The study of exoplanets has matured considerably in the last 10 years. During this time, the majority of the over 4,000 exoplanets that are currently known to us were discovered. It was also during this time that the process has started to shift from the process of discovery to characterization. What's more, next-generation instruments will allow for studies that will reveal a great deal about the surfaces and atmospheres of exoplanets.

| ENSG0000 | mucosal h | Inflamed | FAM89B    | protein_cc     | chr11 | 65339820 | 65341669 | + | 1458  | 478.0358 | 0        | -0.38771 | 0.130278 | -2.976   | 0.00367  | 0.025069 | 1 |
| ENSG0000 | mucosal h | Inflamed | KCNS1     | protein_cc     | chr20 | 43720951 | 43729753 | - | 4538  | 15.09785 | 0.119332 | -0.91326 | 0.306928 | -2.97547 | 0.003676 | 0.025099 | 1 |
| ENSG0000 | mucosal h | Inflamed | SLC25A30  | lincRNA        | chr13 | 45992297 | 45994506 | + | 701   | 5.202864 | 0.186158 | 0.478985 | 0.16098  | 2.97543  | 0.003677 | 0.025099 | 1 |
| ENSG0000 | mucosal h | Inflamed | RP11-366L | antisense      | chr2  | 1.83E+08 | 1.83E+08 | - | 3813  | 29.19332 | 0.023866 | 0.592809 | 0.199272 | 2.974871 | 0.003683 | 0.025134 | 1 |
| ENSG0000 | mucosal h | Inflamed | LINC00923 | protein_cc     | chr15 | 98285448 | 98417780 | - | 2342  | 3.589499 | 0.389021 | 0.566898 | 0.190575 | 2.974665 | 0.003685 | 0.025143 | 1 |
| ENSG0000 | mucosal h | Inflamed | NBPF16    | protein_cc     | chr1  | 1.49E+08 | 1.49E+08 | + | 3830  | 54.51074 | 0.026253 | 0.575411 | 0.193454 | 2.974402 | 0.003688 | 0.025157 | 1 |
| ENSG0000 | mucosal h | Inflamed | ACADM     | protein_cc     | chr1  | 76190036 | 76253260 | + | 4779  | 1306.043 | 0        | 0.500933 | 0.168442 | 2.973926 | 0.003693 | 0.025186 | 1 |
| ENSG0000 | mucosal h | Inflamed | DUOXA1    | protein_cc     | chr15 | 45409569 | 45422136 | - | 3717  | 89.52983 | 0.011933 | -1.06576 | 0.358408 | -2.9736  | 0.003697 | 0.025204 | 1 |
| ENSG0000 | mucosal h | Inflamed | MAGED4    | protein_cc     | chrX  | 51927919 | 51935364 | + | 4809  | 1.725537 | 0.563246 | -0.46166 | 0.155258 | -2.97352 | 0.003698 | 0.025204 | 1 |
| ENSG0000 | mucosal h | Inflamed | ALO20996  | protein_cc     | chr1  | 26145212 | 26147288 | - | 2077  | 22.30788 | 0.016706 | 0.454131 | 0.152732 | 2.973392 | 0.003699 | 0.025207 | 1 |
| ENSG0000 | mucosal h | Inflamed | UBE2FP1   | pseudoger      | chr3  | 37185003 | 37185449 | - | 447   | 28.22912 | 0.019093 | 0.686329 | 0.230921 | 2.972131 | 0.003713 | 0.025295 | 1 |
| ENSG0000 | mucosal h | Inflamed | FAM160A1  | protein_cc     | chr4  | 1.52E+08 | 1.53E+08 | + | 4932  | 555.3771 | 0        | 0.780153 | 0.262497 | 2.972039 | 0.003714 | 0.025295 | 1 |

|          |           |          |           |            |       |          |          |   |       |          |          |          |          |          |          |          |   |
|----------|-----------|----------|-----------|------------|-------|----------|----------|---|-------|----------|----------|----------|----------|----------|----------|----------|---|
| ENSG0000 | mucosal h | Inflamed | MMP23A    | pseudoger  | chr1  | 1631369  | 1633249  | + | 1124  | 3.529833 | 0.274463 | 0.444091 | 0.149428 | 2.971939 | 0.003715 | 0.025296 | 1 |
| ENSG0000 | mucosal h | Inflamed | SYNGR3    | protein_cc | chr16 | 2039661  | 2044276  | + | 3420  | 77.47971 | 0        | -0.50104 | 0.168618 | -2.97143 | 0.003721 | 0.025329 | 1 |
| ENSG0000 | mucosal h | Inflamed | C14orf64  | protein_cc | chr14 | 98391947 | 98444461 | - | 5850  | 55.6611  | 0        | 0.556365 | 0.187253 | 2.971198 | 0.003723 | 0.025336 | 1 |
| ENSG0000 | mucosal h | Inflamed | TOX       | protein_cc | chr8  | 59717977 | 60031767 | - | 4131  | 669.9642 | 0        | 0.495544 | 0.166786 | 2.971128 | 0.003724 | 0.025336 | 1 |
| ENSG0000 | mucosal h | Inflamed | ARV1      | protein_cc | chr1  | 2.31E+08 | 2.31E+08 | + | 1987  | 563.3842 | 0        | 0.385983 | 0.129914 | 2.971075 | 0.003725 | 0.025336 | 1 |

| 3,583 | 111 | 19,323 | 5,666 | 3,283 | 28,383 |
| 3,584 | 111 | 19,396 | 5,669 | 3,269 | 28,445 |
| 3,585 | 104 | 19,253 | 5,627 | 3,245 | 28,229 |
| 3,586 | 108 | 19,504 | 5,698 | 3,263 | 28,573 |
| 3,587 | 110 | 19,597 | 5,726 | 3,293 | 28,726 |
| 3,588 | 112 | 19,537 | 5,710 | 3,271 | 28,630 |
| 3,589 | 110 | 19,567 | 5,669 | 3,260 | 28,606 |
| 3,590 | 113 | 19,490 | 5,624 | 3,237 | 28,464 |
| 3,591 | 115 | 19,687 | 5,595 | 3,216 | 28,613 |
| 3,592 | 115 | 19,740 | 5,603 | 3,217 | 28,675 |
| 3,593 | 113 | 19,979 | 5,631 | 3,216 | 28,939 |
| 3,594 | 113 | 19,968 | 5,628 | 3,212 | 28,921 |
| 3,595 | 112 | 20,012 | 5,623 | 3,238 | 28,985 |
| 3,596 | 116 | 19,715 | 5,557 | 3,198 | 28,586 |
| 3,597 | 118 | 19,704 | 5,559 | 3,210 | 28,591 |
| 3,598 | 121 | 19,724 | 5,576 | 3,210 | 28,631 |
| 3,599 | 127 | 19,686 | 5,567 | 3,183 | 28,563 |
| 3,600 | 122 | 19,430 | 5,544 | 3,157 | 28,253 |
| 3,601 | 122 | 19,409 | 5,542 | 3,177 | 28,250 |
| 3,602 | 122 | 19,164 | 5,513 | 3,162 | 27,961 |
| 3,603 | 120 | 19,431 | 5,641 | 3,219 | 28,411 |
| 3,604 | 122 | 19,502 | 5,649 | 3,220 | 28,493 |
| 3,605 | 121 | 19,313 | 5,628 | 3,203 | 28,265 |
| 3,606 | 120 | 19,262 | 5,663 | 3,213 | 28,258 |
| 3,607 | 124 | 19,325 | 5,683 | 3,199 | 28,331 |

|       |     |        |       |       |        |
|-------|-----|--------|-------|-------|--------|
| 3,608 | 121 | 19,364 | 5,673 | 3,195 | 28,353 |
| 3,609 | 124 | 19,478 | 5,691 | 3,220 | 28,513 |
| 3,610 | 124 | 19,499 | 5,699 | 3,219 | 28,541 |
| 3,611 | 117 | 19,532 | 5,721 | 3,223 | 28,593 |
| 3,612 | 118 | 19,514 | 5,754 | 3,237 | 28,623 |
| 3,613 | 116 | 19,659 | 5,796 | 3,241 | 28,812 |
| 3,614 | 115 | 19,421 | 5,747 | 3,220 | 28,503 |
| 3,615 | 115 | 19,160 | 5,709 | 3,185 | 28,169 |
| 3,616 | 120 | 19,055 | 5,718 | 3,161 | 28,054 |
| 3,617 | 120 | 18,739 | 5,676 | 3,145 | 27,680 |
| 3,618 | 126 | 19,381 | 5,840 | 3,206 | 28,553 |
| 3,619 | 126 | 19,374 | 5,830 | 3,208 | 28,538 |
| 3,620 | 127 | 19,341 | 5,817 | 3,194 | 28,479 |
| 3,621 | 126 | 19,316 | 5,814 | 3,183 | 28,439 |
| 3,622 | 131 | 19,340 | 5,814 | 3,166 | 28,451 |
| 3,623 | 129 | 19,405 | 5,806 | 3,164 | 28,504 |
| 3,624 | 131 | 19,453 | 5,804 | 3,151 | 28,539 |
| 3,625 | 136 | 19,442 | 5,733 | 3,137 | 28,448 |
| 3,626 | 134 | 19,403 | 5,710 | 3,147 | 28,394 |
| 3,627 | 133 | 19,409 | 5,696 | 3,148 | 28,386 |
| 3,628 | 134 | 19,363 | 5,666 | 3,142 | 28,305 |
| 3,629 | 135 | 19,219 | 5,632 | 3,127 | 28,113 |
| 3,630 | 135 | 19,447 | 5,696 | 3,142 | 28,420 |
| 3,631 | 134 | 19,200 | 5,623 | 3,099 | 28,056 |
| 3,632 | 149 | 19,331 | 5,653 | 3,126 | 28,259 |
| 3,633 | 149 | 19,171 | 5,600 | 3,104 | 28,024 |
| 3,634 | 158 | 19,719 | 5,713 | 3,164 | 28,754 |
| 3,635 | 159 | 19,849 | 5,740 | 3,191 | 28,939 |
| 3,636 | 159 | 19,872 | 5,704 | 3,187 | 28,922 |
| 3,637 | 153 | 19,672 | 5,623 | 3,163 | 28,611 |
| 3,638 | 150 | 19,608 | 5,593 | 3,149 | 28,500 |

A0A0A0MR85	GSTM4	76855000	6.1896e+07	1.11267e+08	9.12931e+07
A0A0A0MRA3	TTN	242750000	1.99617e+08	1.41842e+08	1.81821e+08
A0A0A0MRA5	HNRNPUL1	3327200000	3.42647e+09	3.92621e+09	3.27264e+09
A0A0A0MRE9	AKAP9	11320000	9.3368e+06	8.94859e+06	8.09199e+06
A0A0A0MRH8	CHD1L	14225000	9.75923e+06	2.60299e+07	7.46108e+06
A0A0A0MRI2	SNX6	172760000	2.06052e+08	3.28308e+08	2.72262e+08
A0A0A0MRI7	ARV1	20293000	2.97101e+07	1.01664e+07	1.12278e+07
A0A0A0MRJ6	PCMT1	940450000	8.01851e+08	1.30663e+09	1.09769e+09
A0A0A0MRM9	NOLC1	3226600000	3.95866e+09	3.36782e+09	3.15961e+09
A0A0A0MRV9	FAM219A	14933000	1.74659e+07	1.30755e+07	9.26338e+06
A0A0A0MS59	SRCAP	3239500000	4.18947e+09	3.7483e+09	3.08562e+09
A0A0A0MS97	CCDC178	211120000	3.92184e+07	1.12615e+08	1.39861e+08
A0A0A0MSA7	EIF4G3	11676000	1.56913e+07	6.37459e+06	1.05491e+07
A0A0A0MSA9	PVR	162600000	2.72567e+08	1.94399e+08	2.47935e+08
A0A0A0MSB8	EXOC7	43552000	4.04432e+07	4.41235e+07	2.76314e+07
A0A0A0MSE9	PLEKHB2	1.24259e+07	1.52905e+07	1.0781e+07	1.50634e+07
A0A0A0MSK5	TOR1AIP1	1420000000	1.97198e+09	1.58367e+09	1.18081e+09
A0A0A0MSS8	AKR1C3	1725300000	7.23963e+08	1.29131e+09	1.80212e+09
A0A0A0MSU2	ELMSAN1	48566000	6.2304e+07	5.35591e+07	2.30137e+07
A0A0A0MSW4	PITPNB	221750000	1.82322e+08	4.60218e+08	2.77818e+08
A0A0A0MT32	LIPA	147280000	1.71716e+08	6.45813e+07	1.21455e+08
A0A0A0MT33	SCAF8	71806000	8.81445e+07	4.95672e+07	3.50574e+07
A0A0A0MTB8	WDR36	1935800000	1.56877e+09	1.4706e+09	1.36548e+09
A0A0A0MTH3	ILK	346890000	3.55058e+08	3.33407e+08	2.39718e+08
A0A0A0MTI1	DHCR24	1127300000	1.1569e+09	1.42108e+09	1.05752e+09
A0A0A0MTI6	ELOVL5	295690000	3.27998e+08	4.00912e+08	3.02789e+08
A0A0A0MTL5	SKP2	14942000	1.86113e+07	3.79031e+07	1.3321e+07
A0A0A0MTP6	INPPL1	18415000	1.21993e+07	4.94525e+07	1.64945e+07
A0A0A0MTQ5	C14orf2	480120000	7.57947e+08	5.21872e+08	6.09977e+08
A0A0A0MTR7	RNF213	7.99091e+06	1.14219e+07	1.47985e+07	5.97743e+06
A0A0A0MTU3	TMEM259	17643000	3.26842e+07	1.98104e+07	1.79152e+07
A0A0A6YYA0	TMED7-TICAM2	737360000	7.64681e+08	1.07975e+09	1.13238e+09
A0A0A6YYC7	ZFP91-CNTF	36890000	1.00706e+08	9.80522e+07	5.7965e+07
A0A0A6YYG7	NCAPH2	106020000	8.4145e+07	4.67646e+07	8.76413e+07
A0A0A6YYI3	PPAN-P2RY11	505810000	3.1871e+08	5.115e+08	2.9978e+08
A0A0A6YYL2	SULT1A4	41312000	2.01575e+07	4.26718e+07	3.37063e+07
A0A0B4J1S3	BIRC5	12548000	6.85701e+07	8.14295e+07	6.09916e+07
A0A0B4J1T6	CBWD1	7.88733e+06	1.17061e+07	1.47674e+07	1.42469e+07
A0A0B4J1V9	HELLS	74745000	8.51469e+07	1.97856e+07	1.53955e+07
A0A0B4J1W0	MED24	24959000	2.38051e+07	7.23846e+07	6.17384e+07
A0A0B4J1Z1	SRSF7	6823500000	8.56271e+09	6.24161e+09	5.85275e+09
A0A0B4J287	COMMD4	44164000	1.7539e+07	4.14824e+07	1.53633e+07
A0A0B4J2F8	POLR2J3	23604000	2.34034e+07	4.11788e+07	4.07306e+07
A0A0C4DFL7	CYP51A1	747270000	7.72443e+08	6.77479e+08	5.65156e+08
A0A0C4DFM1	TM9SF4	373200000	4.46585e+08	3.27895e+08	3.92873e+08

This naturally raises the question: what would a sufficiently advanced species see if they were studying our planet? Using multi-wavelength data of Earth, a team of Caltech scientists was able to construct a map of what Earth would look like to distant alien observers. Aside from addressing the itch of curiosity, this study could also help astronomers reconstruct the surface features of "Earth-like" exoplanets in the future.